Posted: March 19, 2013
Gustave Whitehead, a German immigrant who lived in Bridgeport, Conn., was the first to fly a plane, according to one expert who examined a photo recently unearthed in a Bavarian museum. This claim has reignited a debate among researchers, and a fight with the Smithsonian.
The ongoing battle between historians over who was really first in flight was rekindled last week.
New research advances the theory that a German immigrant in Connecticut is responsible for the first powered and controlled flight, rather than the Wright brothers in North Carolina.
But historians at the Smithsonian National Air and Space Museum are saying not so fast.
Finding The Evidence
You can now order a "No. 21" breakfast at Chip's Family Restaurant in Connecticut. It's named after the airplane model that Gustave Whitehead allegedly flew for half a mile at an altitude of 50 feet on Aug. 14, 1901. That's more than two years before Orville and Wilbur Wright's famous run in Kitty Hawk. And the No. 21, an omelet with hamburger filling alongside German apple pancakes — in honor of Whitehead's heritage — is just the beginning.
"Our license plate should say 'firster in flight,' " says Bill Finch, the mayor of Bridgeport, Conn., where the flight supposedly happened.
Historians have known for decades about an article in the Bridgeport Herald describing Whitehead's 1901 flight, but they haven't seen the original photo that should have accompanied it.
John Brown works at an aircraft construction company in northern Germany. He's also a hobby historian.
While rummaging through a dusty museum attic in Bavaria, Brown came across a picture from a 1906 exhibition on flight innovation. On display in the background of that picture was a photo of what looked like Whitehead's No. 21 airplane in flight. He also found dozens more newspaper articles describing the 1901 flight.
"I found out such stunning stuff about Mr. Whitehead. But really I'm not the highest authority in aviation. I sent all of the stuff that I found to the highest authority, which is Jane's All the World's Aircraft in England," he says.
And Paul Jackson, editor of that internationally renowned publication, has ruled that Whitehead deserves the honor of first in flight — not the Wright brothers. Jackson says it's not likely the Bridgeport Herald writer and dozens of others lied in 1901. And now there's the original photo to prove it.
"The evidence cannot be shaken off anymore, thanks to John Brown's researching," Jackson says.
But Peter Jakab, associate director of the Smithsonian National Air and Space Museum, finds it "a little puzzling." He says the photo is too blurry — after all, it was enlarged by 3,500 percent.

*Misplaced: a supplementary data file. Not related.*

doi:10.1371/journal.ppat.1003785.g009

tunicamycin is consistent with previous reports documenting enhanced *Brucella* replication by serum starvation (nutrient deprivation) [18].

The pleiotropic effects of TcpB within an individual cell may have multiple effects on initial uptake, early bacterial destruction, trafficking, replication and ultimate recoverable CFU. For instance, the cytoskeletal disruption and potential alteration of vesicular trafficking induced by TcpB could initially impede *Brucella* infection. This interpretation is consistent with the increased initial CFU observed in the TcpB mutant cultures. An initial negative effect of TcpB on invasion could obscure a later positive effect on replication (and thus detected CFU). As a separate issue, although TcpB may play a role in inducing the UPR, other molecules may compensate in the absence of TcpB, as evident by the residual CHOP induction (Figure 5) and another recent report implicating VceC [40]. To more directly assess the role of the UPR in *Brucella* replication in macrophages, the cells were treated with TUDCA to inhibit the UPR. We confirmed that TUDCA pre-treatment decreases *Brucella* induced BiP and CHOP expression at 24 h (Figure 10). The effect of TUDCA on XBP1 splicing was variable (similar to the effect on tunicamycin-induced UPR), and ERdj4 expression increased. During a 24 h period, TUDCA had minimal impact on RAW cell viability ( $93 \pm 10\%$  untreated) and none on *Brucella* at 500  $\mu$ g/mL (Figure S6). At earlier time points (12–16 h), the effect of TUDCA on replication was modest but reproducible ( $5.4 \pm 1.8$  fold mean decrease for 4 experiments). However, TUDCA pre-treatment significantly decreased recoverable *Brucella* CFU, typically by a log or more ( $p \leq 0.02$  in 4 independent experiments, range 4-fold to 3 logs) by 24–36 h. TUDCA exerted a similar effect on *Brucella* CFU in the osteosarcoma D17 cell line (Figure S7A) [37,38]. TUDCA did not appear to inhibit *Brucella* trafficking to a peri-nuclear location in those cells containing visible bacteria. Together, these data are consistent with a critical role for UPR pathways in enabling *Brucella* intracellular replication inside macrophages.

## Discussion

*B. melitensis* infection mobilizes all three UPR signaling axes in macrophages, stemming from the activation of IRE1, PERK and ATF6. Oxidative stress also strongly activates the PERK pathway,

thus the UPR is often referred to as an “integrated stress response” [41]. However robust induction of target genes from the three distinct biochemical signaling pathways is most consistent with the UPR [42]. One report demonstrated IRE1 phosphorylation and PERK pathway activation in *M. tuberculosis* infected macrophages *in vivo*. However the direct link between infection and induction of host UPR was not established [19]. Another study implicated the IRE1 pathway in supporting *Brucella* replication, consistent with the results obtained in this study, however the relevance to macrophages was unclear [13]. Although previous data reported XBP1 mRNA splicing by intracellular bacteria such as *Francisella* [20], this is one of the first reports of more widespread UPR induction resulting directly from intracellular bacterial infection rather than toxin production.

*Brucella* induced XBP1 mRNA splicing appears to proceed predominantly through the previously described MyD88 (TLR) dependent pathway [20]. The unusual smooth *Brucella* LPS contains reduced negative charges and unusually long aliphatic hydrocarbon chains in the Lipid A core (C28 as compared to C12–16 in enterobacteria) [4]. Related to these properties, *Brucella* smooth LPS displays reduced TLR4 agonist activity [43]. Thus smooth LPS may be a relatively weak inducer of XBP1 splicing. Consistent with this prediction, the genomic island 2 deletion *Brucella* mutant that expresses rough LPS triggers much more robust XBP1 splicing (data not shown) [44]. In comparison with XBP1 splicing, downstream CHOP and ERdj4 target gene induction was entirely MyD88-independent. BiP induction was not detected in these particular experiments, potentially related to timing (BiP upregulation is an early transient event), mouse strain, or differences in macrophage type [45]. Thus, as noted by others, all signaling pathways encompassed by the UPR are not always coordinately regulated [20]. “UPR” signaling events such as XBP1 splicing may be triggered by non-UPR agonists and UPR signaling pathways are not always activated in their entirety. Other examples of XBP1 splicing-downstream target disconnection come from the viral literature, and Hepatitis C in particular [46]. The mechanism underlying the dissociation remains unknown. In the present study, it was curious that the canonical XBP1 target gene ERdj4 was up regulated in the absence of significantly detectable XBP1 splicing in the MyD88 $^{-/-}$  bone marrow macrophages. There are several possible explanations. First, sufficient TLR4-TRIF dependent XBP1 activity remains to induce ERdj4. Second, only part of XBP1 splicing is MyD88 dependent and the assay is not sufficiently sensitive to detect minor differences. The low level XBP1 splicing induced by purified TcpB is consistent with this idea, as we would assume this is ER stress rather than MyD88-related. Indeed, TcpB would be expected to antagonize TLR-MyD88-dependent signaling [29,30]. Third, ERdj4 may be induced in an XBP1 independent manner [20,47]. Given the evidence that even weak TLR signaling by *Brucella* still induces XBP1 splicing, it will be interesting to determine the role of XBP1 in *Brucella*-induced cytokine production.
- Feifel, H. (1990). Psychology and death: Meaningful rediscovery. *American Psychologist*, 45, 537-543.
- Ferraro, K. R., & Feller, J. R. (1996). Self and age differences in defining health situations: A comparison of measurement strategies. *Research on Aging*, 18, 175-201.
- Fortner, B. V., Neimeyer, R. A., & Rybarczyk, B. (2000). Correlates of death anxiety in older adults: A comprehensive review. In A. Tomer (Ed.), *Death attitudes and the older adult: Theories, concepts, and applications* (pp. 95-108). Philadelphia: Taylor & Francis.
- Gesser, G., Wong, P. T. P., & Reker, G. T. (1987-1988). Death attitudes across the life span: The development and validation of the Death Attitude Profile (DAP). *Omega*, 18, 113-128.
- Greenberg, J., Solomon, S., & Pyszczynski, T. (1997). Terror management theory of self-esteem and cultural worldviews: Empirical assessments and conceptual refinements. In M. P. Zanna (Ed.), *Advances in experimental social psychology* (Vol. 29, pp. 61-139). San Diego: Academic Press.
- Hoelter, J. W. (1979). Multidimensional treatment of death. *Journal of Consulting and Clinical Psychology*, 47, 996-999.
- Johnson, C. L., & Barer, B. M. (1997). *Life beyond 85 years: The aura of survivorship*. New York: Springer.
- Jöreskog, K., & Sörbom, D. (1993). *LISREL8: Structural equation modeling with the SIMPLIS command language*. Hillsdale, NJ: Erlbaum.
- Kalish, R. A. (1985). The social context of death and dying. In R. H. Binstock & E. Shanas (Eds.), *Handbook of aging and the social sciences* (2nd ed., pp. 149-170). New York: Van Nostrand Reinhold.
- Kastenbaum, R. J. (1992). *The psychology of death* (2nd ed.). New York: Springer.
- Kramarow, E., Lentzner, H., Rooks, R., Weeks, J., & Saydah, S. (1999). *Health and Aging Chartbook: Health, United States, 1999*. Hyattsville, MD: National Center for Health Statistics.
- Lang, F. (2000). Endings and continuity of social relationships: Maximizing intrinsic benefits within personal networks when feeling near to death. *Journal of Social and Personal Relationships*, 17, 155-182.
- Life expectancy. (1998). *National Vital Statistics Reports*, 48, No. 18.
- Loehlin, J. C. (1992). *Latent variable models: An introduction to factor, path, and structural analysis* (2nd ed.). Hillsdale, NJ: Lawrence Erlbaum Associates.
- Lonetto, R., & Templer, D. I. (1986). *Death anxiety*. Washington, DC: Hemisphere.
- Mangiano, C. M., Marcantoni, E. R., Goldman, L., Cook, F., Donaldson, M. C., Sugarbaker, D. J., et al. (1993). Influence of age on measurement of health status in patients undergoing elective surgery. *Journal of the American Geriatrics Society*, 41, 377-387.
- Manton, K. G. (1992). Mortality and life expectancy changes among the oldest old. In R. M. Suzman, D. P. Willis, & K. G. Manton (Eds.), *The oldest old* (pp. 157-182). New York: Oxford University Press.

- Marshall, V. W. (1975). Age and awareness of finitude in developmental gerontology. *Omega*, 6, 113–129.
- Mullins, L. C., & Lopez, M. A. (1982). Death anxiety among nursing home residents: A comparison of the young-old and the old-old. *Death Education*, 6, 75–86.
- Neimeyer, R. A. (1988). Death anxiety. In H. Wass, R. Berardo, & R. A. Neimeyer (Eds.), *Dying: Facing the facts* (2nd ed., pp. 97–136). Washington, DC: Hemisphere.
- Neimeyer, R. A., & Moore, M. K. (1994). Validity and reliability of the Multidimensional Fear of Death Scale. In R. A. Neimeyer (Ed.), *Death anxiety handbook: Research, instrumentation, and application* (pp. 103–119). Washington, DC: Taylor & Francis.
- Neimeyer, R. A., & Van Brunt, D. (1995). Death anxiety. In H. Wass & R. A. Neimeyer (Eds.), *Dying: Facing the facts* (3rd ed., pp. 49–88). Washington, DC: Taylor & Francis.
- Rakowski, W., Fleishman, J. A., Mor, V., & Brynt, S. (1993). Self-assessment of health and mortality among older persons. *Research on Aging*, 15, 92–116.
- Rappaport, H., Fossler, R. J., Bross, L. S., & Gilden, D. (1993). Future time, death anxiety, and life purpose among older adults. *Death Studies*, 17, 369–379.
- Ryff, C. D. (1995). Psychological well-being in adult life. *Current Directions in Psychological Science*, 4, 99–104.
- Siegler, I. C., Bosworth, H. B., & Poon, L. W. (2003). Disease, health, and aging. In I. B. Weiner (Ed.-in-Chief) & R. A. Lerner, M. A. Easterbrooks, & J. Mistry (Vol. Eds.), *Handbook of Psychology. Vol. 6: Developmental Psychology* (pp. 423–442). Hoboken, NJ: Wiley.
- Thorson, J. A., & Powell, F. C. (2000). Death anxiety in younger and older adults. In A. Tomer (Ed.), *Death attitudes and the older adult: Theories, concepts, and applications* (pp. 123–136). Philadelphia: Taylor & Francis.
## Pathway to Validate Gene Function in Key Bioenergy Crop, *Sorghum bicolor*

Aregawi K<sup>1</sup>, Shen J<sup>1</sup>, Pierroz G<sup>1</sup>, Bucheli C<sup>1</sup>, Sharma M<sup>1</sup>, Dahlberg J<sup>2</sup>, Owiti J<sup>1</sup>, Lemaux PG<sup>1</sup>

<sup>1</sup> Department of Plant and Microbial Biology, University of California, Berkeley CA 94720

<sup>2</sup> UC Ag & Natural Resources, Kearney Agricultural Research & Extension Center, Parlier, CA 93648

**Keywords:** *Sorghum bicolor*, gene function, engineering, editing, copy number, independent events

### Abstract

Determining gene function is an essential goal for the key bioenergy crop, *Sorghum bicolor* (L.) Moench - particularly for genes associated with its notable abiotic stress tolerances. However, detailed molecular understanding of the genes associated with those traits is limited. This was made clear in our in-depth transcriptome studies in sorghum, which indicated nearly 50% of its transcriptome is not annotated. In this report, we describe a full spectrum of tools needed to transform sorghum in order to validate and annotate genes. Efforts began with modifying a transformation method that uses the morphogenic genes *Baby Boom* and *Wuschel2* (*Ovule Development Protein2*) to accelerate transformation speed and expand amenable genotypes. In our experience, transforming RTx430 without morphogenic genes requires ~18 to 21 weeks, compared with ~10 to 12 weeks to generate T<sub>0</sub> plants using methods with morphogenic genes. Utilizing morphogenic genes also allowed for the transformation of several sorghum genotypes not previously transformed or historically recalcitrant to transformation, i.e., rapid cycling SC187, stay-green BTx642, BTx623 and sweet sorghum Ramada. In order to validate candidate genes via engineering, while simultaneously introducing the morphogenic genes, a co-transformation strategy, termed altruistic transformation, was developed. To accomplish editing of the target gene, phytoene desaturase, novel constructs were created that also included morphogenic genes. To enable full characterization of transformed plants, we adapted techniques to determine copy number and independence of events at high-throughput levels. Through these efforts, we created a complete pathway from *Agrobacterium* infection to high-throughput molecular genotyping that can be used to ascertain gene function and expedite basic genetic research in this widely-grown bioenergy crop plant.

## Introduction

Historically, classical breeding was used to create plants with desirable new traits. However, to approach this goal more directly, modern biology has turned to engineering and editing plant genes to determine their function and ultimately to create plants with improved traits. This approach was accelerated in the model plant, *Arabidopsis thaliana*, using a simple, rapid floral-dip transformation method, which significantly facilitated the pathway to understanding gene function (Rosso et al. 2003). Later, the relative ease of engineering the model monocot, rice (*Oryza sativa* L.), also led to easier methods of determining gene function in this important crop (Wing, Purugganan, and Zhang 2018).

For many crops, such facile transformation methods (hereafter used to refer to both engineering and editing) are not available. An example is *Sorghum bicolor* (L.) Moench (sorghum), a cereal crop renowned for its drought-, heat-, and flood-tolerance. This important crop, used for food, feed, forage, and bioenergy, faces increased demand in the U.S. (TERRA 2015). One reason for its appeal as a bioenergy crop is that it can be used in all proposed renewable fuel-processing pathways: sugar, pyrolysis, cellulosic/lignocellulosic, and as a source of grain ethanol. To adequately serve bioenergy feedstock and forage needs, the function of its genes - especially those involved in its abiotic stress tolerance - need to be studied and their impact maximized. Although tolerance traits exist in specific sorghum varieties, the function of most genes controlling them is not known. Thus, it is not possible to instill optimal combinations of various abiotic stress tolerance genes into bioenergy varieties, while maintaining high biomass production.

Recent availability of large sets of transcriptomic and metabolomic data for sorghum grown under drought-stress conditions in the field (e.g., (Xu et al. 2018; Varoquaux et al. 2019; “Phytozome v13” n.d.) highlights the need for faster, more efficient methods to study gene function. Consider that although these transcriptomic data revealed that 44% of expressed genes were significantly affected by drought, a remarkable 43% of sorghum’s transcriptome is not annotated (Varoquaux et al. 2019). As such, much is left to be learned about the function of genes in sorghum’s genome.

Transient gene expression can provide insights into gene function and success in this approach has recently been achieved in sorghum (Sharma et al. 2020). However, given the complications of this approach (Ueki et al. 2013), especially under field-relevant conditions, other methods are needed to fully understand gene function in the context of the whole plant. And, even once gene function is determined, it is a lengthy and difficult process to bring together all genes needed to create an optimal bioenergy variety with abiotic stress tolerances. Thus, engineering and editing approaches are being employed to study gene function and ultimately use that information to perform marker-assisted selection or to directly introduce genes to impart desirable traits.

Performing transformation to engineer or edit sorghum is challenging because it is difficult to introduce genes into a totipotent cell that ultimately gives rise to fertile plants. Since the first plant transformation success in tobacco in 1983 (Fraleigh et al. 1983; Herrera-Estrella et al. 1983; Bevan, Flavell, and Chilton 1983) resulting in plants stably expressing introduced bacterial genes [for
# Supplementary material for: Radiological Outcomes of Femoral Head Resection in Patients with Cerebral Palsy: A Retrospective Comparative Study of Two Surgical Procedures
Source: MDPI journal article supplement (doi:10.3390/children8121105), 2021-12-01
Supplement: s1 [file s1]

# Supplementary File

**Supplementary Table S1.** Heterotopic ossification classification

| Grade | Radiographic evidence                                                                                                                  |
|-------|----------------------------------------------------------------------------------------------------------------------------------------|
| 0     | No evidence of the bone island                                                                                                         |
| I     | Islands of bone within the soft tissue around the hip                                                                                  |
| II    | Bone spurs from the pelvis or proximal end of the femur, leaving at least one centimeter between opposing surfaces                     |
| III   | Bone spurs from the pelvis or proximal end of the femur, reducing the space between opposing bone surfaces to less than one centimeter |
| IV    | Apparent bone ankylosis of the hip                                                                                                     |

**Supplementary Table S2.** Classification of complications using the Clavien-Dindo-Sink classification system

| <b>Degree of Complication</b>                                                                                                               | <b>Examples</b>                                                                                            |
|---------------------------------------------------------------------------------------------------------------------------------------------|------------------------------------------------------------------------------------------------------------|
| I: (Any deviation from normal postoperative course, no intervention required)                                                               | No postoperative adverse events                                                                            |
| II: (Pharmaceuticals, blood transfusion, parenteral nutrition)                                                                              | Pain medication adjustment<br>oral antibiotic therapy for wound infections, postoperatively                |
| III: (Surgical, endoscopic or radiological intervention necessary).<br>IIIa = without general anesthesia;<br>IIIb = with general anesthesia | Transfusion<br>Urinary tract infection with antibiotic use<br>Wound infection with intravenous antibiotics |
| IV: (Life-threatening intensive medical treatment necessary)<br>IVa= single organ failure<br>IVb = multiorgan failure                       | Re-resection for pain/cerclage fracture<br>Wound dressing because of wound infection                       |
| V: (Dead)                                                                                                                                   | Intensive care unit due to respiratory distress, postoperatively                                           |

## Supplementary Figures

"To my mind, it's really trying to see what you want to see in the image," Jakab says. "Again, it's a picture of a picture on the back wall of an exhibition. It's very, very indistinct."
Jakab and his colleagues at the Smithsonian firmly believe that the Wright brothers were the first to fly. There are clear and crisp photos to prove it. And he discounts the numerous newspaper stories about the Whitehead flight.
"An AP story is written, and it goes out, and it appears in many, many publications. That doesn't mean that every one of those is a separate, eyewitness account," he says.
But Whitehead supporters have a darker explanation for why the Wright brothers have dominated the story. The Smithsonian, they say, has built an empire around the Wright brothers.
If you walk into the National Air and Space Museum, the first thing you see is the Wright airplane — which was sold to the Smithsonian for $1 in 1948. Jane's editor Paul Jackson says there were other conditions.
"They had to agree with Orville Wright that they would never say that anybody else had flown a powered, manned aircraft before they had done," Jackson says.
He thinks the Smithsonian is in a difficult position: Admit that Whitehead was first in flight, and lose one of its most valuable exhibits.
But Jakab says he would never let a contract stand in the way of a historical fact.
"If that's some sort of personal sanction to how I interpret the evidence, of course not," he says.
If he decides Whitehead flew first and the Smithsonian loses the plane, then so be it, Jakab says. For now, he isn't budging.
But whoever is right, there are sure to be new monuments, museum exhibits and dishes like "Whitehead sausage" served in Bridgeport. And maybe even new license plates.
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